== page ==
IRAQI KURDISTAN: May 2015 Update


1 June 2015
IRAQI KURDISTAN: May 2015 Update

MAY 2015

Iraqi Kurdistan

Visit to Gullan

On May 5-6 we visited our friend Kak Latif in his home village of Gullan.  CPT has partnered with Kak Latif and other activists who are speaking out against Exxon Mobil oil exploration in the region.  On a walk through the mountains that surround his home, we were reminded of the sacredness of land and our delicate connection to it.  We are extremely grateful to Kak Latif and his family for their hospitality and their struggle to preserve the land that gives all of us life.

Peace Through the Eyes of Syrian Children

On Tuesday, 26 May, three CPT members of the Iraqi Kurdistan team, Alicja, Hannah and Rosemarie, took the Children’s Art and Peace Project to the students of Kobani School in Sulaimani.

The children were refugees from Syria. Their cheerful faces did not betray any suffering that they had endured. Several were wearing school uniforms that they may have worn when they were students in Syria. They eagerly participated in the program, in many ways demonstrating the resilience of children. 

Eager to demonstrate that working together is enriching, we told them that we came from different countries, with the same dream. One of us is from Poland, another from Canada and the third from USA.  We are a peace team, involved in working for peace in spite of our own government’s decisions regarding solutions to the violence. People around the world are joining hands, seeking peace, dreaming of what a world of peace would look like. Then, eager to have them share their dreams, we asked them, “What does peace look like?”

Amazing responses included:
Peace looks like me sitting with my family.
Peace looks like being able to talk on the telephone to relatives who live in nearby towns. 
Peace looks like safety, no police knocks.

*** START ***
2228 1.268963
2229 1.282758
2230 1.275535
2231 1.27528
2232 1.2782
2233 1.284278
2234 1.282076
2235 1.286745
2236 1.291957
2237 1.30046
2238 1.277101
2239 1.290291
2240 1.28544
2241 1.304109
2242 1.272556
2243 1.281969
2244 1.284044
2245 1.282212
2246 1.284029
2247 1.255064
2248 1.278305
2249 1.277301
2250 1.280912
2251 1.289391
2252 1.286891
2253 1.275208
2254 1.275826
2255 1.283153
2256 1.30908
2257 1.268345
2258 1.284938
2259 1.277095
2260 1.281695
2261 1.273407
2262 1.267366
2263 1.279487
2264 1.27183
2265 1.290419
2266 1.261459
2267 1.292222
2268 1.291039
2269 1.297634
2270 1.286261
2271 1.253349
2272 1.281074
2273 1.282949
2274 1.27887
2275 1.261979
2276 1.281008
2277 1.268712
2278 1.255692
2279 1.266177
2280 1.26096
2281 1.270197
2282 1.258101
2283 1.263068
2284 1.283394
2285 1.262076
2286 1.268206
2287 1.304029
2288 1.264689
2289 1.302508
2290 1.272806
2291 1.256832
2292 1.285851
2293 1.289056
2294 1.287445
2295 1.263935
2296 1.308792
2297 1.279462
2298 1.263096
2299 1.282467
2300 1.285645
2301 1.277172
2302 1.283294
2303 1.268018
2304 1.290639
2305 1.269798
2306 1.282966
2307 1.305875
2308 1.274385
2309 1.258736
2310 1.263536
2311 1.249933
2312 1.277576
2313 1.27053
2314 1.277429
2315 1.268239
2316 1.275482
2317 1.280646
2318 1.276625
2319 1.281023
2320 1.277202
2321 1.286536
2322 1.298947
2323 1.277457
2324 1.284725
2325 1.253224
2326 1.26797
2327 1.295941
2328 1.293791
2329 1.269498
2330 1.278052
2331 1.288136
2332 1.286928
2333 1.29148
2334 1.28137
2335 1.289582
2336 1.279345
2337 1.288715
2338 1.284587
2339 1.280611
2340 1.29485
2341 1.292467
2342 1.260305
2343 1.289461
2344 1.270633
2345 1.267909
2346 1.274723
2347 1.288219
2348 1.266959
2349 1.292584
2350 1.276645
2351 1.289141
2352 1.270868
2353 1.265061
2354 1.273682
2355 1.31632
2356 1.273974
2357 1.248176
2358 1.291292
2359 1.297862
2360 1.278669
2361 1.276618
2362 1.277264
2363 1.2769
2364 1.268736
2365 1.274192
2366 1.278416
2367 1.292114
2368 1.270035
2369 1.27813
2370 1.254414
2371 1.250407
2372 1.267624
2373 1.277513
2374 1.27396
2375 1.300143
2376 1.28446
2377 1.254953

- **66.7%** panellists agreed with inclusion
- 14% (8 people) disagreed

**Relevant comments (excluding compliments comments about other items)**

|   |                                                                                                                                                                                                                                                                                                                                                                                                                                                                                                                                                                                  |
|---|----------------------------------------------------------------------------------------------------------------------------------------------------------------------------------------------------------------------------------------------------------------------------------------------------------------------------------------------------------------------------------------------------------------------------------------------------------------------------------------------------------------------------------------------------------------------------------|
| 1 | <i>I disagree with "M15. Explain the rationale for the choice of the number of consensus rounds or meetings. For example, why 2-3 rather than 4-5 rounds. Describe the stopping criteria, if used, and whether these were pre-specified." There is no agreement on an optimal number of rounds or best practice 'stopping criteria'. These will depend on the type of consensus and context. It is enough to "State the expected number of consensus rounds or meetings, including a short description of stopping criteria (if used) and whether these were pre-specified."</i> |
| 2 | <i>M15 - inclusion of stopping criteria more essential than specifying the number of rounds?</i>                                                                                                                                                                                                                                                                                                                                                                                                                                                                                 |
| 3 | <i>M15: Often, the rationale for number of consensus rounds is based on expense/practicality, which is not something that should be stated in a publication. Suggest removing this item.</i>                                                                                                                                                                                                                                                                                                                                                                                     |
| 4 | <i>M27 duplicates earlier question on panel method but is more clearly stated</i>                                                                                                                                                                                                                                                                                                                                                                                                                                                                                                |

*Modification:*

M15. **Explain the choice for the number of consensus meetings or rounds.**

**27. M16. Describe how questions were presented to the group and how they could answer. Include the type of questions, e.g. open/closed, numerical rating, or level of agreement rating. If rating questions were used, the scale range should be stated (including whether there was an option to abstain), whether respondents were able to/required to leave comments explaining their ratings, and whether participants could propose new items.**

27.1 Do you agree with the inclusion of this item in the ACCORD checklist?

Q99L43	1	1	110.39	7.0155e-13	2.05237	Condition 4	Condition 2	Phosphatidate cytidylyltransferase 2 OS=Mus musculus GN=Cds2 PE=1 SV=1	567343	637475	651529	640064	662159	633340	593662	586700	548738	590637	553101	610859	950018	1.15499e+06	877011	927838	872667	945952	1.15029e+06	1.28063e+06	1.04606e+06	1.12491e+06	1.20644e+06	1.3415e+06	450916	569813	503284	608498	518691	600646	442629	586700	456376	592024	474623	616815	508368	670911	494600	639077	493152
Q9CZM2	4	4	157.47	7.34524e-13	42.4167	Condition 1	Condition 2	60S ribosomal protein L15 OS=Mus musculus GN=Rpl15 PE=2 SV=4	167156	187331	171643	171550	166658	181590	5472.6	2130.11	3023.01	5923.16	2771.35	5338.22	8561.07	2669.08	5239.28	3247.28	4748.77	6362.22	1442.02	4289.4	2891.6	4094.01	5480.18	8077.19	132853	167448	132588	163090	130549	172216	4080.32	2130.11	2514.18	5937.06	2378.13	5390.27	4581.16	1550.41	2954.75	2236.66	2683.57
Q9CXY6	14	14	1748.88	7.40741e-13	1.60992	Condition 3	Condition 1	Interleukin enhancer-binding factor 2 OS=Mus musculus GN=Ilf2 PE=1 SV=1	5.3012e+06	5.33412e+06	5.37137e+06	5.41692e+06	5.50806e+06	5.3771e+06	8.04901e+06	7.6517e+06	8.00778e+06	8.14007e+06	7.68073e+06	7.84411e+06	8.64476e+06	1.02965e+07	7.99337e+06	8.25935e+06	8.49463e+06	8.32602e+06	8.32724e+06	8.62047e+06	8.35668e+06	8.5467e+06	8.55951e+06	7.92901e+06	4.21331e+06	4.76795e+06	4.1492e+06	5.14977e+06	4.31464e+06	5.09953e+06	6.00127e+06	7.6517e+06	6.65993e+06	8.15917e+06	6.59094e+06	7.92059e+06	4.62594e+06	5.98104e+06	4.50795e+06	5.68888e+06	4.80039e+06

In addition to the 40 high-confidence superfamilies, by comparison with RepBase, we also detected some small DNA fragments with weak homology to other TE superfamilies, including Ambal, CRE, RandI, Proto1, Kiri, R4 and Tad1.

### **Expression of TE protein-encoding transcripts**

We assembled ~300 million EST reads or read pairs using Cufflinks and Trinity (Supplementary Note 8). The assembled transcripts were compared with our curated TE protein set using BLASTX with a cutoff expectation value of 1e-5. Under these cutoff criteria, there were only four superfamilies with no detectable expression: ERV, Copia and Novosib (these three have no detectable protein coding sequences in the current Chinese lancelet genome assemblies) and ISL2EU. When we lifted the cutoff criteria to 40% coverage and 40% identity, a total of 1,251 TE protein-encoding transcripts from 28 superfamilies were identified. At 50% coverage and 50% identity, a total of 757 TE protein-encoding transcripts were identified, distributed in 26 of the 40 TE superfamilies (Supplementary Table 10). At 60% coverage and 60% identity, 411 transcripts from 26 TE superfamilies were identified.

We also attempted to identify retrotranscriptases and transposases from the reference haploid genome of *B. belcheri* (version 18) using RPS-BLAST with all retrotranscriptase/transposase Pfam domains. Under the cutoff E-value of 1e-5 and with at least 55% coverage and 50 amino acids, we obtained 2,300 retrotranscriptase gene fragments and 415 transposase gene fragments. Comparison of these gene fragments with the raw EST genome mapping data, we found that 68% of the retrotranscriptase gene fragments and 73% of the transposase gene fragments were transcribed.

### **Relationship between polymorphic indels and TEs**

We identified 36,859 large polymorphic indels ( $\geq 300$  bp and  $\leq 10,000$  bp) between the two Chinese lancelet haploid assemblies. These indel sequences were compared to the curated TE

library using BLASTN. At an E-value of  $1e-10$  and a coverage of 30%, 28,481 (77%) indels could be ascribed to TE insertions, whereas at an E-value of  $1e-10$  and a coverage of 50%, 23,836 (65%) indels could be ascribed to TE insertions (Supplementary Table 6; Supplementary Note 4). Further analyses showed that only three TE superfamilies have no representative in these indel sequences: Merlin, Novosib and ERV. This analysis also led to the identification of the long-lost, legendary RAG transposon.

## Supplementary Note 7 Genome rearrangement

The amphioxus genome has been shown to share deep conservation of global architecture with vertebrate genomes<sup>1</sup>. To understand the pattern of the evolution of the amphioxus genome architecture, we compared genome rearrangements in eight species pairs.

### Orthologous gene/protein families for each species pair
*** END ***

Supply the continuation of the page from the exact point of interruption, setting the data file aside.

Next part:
Peace looks like kind words.
Peace looks like a circle, people holding hands.
Peace looks like bringing flowers after an argument.
Peace looks like riding a bicycle free and unafraid.

In the conversation that followed, when describing working together with her group, one young participant quoted a Syrian proverb, reflecting that, “Instead of putting eyelashes on, we poke ourselves in the eye.” Another Syrian proverb that helped us understand how difficult it is to work together was quoted by another participant, “Instead of building a bridge, it was so difficult to express ourselves, we made soup.”

Our translator told us that the participants were using familiar Syrian proverbs to describe the difficulties of working together. Sometimes our intentions are good and beautiful (eyelashes) but the result can be hurtful (poking ourselves) or our effort to create something beautiful and useful (a bridge) can result in a mess (soup). What comfort we can often find in our own cultural expressions. How can 
understanding these help unite us?

Our closing circle included a Syrian gentleman and four women: one Canadian, one Polish, one from USA and one Iraqi, holding hands for peace as we reflected on the question, “Are we poking ourselves in the eye, making soup or making peace?”